financial photoAccording to the American Psychological Association Stress in America Study, the highest source of stress annually is money.  Anxiety and stress greatly impacts a persons quality of life and their relationship, and anxiety and stress about money can be an incredible source of discomfort in a relationship.  

Clients who exhibit higher levels of generalized anxiety will be more likely to engage in problematic financial behavior, regardless of their income, marital status, education, or financial knowledge.  Anxiety overrides financial knowledge often in decision making and can be very destructive.   Anxiety, low financial knowledge, and risky financial behaviors can contribute to an overall unhealthy relationship to money.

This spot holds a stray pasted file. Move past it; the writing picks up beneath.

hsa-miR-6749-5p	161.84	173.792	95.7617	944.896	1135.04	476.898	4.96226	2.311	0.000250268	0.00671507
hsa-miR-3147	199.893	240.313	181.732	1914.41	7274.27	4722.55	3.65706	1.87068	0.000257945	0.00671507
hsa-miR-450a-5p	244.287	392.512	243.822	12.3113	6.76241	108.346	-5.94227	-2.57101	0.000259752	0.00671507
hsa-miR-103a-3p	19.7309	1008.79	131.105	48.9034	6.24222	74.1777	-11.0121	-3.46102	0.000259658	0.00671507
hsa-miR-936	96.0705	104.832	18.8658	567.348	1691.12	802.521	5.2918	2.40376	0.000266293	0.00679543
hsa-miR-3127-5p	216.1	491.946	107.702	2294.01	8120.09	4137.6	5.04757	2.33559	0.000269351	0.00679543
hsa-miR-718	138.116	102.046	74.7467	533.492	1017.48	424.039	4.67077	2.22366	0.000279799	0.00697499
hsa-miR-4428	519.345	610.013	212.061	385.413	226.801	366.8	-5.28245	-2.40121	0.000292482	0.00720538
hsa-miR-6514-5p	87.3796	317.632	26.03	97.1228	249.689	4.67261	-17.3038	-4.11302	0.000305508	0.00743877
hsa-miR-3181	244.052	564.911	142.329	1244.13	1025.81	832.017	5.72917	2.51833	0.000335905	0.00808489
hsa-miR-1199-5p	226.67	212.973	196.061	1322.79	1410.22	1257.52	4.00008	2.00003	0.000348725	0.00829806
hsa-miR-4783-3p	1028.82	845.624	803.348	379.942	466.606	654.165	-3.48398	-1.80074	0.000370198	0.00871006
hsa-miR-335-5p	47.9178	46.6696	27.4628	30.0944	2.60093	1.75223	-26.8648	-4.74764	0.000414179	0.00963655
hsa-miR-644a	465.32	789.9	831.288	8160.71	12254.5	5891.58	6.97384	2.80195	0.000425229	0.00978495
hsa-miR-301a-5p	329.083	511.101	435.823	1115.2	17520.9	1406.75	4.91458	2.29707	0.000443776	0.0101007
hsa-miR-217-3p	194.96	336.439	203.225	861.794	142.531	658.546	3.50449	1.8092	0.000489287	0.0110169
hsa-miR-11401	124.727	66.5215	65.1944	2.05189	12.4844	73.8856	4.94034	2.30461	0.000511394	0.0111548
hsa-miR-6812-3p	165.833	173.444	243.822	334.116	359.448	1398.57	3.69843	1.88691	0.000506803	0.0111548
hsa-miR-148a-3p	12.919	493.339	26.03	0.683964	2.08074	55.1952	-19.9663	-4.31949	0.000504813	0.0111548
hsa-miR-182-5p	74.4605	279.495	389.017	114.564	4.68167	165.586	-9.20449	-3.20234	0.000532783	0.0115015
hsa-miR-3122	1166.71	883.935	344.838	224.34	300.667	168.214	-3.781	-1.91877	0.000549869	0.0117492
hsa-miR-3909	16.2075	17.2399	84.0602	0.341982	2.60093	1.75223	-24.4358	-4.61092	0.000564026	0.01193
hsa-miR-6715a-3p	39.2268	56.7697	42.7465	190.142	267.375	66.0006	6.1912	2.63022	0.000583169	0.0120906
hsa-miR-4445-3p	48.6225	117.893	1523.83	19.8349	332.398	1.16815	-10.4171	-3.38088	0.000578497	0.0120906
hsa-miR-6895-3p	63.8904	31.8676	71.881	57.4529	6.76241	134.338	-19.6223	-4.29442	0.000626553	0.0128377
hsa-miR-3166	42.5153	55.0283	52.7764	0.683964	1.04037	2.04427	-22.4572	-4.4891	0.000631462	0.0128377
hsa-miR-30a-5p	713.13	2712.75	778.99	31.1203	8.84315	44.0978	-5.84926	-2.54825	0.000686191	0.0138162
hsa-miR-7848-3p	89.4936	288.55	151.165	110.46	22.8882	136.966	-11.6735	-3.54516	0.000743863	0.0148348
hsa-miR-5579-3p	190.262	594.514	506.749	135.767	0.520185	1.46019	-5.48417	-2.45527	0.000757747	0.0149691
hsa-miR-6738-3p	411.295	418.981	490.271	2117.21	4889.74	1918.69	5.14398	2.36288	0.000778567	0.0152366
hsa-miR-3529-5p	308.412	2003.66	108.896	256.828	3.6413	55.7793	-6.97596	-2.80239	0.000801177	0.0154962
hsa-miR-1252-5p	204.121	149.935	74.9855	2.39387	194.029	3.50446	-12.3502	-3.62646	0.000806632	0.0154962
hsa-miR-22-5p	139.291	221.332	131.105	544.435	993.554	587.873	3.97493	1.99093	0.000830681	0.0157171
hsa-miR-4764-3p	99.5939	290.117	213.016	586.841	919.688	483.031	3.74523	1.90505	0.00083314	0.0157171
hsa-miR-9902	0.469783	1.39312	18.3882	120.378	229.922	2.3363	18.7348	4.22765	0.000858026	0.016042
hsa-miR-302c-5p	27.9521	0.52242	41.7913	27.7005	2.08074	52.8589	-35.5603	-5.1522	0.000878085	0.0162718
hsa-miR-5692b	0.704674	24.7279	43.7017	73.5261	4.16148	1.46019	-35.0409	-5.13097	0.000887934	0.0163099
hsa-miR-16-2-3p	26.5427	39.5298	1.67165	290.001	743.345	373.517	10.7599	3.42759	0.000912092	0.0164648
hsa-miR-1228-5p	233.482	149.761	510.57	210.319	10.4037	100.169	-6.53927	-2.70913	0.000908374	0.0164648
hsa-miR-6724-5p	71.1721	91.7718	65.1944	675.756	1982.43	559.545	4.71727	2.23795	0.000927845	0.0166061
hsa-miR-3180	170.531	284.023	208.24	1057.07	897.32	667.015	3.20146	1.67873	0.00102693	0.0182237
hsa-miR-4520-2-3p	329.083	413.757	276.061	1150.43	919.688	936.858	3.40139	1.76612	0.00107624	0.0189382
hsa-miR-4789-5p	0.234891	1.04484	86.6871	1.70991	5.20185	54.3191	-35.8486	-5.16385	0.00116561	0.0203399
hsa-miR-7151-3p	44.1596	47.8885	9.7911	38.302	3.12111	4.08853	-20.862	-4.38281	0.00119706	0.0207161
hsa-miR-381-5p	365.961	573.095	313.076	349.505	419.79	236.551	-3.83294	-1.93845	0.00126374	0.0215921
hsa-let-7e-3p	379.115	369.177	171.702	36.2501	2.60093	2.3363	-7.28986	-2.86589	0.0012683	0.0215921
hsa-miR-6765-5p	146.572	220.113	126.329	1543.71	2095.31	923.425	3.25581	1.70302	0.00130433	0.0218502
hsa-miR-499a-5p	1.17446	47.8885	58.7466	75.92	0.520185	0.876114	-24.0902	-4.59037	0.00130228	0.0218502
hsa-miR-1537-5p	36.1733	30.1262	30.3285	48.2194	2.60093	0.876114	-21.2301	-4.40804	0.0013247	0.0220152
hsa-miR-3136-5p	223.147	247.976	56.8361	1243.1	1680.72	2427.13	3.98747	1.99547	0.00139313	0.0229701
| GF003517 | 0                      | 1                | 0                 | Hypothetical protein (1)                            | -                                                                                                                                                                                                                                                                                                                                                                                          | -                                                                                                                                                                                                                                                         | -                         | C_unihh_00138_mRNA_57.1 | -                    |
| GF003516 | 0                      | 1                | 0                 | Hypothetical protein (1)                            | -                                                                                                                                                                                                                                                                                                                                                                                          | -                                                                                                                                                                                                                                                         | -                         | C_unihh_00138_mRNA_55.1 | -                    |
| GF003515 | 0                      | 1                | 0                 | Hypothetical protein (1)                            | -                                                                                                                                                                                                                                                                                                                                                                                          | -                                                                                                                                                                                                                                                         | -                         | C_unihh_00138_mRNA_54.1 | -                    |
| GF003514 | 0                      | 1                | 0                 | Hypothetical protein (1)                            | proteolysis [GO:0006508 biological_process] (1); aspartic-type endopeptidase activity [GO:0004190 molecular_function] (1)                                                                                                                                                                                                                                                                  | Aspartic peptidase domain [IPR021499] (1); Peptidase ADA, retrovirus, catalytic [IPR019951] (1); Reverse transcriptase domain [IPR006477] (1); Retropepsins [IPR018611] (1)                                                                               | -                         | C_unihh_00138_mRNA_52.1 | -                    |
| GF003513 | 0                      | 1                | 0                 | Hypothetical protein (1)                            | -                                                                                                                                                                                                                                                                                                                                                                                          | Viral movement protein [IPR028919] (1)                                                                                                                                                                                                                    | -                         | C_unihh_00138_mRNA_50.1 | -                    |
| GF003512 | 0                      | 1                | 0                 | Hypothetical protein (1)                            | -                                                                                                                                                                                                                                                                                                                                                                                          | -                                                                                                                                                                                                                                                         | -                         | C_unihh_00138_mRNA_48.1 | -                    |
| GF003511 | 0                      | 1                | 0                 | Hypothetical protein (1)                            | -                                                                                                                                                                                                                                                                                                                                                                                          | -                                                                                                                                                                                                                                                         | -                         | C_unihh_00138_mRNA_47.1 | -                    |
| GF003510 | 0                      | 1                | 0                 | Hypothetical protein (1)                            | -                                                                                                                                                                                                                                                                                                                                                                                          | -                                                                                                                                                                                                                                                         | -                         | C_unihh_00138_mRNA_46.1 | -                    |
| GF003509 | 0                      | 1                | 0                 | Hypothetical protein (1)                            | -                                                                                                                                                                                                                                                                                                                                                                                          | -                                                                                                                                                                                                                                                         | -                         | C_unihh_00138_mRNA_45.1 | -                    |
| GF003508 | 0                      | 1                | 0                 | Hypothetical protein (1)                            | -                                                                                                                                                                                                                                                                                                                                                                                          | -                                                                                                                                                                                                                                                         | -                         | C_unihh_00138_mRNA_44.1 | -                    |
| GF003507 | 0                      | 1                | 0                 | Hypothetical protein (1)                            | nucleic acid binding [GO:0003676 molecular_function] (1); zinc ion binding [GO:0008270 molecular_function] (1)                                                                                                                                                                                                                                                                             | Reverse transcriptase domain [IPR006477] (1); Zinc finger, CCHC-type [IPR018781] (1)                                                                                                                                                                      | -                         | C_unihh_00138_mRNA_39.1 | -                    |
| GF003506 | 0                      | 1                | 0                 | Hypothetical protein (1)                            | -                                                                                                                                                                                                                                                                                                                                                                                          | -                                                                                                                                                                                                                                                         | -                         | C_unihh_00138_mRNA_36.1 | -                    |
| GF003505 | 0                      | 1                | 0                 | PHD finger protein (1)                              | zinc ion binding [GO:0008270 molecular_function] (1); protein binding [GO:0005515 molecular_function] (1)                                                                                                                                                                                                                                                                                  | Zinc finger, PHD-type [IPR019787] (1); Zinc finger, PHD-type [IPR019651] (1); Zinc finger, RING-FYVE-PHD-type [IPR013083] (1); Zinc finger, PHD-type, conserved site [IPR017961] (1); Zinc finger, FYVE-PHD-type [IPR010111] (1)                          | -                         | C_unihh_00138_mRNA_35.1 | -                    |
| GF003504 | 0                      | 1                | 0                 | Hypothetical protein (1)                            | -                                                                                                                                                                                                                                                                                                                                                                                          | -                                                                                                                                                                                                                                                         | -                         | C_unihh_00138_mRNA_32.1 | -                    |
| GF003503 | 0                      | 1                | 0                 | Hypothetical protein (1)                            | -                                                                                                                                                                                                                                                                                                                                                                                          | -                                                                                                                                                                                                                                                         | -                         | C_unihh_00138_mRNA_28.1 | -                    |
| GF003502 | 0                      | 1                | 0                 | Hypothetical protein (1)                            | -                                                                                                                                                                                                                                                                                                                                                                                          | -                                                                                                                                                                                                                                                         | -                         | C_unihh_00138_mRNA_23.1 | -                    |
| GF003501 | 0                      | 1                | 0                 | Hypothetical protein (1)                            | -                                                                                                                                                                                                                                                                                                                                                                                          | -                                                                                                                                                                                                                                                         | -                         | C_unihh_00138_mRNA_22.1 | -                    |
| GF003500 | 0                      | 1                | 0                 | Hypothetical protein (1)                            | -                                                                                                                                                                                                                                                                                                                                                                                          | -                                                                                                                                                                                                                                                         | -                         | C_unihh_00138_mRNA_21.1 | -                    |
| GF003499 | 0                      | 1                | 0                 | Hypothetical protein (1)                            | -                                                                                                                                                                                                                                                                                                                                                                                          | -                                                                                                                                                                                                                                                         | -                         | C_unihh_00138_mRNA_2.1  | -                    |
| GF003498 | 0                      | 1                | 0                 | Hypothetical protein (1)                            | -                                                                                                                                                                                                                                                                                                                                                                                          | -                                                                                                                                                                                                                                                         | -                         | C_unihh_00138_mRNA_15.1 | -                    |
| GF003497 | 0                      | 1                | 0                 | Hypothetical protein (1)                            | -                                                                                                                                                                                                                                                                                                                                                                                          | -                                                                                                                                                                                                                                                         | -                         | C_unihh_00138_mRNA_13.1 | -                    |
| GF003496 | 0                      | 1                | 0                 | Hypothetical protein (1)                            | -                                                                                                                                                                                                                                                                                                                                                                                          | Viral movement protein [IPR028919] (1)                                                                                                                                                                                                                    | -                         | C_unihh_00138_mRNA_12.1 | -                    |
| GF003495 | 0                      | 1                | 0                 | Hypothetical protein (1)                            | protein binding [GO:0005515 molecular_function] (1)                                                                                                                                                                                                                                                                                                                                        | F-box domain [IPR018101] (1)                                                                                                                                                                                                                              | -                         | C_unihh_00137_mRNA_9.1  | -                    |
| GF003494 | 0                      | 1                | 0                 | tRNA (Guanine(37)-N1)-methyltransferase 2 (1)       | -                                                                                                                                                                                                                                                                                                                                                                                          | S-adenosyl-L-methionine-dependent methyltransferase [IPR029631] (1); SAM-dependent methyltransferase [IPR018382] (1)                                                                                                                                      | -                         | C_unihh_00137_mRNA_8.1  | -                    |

In addition to causing financial issues, anxiety can greatly impact sexual issues (Read more here on my blog Sex and Anxiety). 

Money Disorders

The following disorders exist in the Diagnostic and Statistical Manual- IV (DSM-IV):

  • Workaholism
  • Compulsive Buying (Onlomania)
  • Gambling
  • Hoarding
  • Financial Dependence

Problematic Money Behaviors

  • Financial Denial
  • Underspending
  • Overspending
  • Financial Enabling
  • Vow of Poverty
  • Financial Enmeshment
  • Squandering Sudden Windfalls
  • Poor Financial Decisions
  • Financial infidelity

Relationship Issues Related to Money

Couples fight about money but they are often not fighting about money, they are fighting about what money means to them.  Money can mean a variety of things to each of the partners.  

Attachment theory around money and caregivers also play a large part in our relationship to money AND sex (Read more on my blog Sex and Attachment).